Over this summer recess period I have been thinking about how we can live with Covid until a vaccine is available.
Progress towards developing a viable vaccine remains very positive. More than 170 candidate vaccines are now being tracked by the World Health Organisation, and three have entered the stage of testing on humans, including the Oxford vaccine, some of which is being manufactured at Cobra Biologics on Keele Science Park.
The Government has already placed orders for six different candidate vaccines – 340 million doses in total – as a way of hedging our bets.
However, new vaccines require rigorous testing, and it is important not to get ahead of ourselves.
The stakes are extremely high, and we must be guided completely by the science to ensure that any vaccine is both safe and effective.
So we must accept that we must learn how to live with the virus in the short-to-medium term.
While Covid is a terrible disease, we need a sense of proportion about the scale of the problem now that we have reduced the mortality rate from the virus to very low levels.
The UK daily death figures are now regularly in the single digits, and our levels of community infection are manageable.
We have learned how best to treat severe cases of Covid in hospitals. And we have successfully used local lockdowns –
like in Leicester – to contain and control outbreaks.
But trying to eliminate all cases of Covid, and then maintaining a Covid-free country, would take enormous resources.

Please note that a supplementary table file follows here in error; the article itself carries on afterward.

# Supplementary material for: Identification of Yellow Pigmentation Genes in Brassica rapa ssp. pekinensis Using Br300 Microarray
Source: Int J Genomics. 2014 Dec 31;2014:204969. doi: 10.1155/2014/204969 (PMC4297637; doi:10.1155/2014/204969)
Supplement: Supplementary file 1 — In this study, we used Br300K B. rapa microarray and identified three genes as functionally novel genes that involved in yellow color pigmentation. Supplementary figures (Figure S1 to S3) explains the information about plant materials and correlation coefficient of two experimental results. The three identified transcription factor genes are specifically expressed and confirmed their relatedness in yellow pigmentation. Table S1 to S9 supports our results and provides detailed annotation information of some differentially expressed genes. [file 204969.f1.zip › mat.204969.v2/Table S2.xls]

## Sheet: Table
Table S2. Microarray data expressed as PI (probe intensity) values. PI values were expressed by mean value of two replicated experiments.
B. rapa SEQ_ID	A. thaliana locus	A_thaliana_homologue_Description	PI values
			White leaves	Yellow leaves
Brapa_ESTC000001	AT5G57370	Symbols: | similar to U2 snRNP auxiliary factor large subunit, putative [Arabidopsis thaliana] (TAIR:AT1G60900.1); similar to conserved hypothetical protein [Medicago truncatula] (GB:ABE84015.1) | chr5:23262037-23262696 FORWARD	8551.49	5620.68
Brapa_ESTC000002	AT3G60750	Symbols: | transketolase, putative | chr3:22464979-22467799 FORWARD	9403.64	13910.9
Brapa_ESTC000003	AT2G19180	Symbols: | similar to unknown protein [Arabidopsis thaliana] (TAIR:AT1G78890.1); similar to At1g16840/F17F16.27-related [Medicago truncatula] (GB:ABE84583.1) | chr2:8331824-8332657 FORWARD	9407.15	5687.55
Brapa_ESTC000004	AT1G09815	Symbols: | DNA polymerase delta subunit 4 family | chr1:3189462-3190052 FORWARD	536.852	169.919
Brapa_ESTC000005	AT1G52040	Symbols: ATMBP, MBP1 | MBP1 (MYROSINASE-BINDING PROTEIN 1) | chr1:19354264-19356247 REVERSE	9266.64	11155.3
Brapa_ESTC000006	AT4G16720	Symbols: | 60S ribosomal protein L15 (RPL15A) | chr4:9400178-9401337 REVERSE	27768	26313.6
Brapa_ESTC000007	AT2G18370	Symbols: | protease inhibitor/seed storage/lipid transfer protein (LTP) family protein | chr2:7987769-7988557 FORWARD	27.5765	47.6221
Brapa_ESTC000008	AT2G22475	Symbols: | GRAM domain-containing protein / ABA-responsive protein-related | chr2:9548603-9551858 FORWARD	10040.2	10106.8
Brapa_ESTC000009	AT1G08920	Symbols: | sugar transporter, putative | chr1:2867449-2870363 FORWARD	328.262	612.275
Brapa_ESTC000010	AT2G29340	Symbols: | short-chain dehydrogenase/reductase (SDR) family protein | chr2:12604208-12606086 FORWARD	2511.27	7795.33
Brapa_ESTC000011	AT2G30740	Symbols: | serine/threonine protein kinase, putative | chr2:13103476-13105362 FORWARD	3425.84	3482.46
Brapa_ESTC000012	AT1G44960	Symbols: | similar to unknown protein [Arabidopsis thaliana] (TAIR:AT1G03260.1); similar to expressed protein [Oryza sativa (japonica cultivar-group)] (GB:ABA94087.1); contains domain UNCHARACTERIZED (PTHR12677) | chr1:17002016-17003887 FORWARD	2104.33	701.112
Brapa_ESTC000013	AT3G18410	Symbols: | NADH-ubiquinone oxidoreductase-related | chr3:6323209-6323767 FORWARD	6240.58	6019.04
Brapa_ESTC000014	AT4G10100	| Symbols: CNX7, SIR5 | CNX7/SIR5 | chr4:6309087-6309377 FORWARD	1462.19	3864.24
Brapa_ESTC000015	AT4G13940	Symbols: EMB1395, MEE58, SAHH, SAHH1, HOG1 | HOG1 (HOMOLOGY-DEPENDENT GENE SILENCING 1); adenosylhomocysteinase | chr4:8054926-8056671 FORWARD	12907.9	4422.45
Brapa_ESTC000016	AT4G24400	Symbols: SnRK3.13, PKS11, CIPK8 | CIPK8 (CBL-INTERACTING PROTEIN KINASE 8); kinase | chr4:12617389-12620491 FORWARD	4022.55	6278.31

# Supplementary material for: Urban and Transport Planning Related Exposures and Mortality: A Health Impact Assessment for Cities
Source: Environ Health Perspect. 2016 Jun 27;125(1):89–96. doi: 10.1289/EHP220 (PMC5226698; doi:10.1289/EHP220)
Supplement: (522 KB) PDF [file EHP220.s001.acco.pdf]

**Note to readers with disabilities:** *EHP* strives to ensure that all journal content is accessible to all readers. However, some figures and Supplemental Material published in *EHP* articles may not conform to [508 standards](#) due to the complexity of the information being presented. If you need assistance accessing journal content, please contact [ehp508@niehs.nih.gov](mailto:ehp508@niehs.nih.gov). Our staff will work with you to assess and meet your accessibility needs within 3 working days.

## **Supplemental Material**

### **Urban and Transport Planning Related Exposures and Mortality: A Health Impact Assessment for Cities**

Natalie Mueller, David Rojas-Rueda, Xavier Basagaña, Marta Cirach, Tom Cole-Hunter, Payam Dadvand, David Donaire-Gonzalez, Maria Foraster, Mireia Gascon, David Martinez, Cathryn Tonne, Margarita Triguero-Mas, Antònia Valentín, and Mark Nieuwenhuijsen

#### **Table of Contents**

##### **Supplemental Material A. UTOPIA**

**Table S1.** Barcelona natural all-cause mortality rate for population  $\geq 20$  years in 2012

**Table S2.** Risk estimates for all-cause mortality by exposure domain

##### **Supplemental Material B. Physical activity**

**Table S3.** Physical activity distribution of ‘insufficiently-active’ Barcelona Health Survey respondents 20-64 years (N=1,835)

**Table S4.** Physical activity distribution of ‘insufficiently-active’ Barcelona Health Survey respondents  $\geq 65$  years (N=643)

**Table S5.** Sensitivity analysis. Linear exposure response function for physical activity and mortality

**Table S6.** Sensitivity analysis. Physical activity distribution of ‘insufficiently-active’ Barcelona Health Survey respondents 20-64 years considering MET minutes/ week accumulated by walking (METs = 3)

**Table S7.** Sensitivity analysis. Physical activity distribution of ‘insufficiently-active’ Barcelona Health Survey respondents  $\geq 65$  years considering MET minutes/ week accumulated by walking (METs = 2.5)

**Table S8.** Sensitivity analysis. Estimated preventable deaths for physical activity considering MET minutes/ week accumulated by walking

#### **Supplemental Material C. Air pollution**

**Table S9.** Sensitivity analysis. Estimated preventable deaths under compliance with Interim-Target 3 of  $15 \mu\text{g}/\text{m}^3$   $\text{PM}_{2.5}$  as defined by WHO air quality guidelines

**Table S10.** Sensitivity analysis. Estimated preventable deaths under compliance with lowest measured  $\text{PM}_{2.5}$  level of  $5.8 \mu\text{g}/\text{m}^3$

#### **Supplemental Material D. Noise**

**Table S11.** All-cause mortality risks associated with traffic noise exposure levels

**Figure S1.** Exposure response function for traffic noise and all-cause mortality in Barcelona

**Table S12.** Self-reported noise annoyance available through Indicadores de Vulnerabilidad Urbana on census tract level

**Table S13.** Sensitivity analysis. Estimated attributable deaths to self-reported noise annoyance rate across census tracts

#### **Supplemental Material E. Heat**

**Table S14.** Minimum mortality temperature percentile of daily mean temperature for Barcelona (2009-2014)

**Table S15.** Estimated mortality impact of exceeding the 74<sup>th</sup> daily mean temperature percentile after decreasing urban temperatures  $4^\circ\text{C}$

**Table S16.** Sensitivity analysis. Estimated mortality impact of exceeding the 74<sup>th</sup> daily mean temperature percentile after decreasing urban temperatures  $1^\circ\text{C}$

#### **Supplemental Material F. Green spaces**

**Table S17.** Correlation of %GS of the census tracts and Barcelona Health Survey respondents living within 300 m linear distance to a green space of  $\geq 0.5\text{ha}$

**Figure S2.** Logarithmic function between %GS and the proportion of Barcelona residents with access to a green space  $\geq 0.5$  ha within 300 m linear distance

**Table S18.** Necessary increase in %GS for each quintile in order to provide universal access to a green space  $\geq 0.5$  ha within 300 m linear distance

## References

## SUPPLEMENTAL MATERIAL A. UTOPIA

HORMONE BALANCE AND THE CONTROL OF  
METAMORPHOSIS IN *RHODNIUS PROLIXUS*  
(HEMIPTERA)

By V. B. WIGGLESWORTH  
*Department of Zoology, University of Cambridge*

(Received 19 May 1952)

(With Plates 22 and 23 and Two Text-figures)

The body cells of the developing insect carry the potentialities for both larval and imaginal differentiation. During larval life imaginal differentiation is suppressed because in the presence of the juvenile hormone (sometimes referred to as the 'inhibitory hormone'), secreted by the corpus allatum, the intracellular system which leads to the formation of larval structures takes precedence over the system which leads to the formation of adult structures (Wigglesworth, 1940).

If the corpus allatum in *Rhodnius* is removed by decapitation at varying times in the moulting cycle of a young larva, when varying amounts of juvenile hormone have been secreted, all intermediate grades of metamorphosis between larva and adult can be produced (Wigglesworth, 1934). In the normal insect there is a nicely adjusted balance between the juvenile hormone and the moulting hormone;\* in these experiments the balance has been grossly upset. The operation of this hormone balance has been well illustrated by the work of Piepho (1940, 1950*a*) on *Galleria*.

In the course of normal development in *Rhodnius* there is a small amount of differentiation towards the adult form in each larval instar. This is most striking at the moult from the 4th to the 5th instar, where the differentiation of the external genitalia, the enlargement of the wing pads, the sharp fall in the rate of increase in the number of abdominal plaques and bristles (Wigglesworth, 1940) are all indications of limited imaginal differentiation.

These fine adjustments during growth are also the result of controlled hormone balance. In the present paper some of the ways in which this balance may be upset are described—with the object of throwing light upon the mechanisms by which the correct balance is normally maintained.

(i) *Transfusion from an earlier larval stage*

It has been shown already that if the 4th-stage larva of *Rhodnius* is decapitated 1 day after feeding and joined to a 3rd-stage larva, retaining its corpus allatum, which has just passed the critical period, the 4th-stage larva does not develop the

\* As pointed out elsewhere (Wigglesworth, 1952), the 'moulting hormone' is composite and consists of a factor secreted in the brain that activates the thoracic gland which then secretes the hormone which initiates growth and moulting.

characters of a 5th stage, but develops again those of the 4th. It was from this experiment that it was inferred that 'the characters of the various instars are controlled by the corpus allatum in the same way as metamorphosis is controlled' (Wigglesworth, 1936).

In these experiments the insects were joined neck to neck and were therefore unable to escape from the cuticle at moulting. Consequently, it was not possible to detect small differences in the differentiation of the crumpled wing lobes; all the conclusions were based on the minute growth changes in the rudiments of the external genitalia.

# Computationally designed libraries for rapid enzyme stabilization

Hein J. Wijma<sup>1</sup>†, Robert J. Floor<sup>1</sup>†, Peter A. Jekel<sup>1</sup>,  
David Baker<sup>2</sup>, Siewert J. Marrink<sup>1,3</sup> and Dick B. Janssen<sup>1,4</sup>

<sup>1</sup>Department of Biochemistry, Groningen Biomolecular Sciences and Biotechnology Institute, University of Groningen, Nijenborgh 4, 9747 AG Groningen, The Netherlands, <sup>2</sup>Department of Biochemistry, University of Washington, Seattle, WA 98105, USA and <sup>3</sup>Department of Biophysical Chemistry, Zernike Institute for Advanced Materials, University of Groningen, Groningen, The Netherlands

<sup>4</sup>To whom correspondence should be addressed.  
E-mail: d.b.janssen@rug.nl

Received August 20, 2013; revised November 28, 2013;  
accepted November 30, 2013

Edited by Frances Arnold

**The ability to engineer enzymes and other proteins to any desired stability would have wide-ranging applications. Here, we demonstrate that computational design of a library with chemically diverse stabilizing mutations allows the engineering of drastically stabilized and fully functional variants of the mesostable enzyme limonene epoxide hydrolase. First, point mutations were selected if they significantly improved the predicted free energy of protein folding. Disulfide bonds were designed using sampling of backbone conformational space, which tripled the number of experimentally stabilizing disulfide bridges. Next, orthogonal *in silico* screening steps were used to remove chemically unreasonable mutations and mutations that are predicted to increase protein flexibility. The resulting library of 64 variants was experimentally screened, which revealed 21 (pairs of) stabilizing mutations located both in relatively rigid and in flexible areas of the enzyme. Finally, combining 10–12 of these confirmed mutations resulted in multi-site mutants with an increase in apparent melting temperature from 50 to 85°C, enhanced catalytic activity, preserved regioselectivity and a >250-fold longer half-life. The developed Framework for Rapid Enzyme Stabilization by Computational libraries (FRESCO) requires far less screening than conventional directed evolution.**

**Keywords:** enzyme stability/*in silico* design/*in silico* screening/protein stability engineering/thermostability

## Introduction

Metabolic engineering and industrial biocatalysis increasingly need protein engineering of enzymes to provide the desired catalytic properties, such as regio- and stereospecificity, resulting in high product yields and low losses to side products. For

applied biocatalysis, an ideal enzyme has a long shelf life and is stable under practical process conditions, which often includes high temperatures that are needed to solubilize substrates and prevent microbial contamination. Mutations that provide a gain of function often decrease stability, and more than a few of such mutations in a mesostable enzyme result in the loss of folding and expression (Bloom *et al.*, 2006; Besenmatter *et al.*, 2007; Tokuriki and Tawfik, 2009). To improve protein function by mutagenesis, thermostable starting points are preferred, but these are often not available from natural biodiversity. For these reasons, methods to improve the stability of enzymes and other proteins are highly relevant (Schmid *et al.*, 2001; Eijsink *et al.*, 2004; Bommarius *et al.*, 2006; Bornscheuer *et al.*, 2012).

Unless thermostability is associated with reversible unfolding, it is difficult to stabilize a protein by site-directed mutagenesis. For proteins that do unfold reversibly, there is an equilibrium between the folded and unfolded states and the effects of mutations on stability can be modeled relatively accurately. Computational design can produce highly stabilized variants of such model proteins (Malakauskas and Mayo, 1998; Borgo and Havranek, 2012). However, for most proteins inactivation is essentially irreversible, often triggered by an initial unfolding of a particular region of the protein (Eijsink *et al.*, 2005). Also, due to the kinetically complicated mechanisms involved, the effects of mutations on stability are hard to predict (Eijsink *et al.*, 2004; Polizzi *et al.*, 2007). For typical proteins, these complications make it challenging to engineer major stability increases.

The impact of this on all aspects of life would be significant, and there would be huge downsides in terms of travel, tourism and trade.
Instead, the right approach is for us all to work hard, keep community infection rates under control, and to be vigilant in the face of local outbreaks, such as the recent spate of cases in Silverdale.
But we should also look to how we can restore some normality to our lives, where we can do so in a safe manner.
Easily accessible testing is our key strategy to keep the virus under control. If you develop any symptoms of coronavirus, you should book a test as soon as possible, either at gov.uk/coronavirus or by calling 119.
Therefore, I am delighted that Newcastle now has its own walk-through coronavirus testing facility in the Ryecroft car park.
I have already been down to get a test myself, and was pleased with how quick and easy the process was – the whole thing took less than 10 minutes and I got my negative result back within 36 hours.
Beyond health, we must find ways to live our lives. Over the summer, I have been glad to have my staff back in the office, rather than working from home all the time.
And it has been truly enjoyable for me to be back out and about in the town and borough.
My family and I certainly took full advantage of the Eat Out to Help Out scheme during August.
Not only was it a real pleasure to be able to support local businesses who have had a tough time recently, I also welcomed the sense of community that comes from being around other people.
Similarly, I was pleased to see that fans will now be allowed back to non-league football clubs such as Newcastle Town FC, following a letter I co-signed to the Minister of Sport.
Preventative measures should be tailored to the actual risk involved, and non-league sides do not put stress on public transport and can easily manage social distancing.
I know others too, who found the isolation of lockdown and shielding very challenging, have benefited from the simple pleasure of being able to be out talking with other people.
So as our children return to school, I would encourage everyone to be calm, patient and open-minded as we adapt to our new normal and wait for good news from the scientists.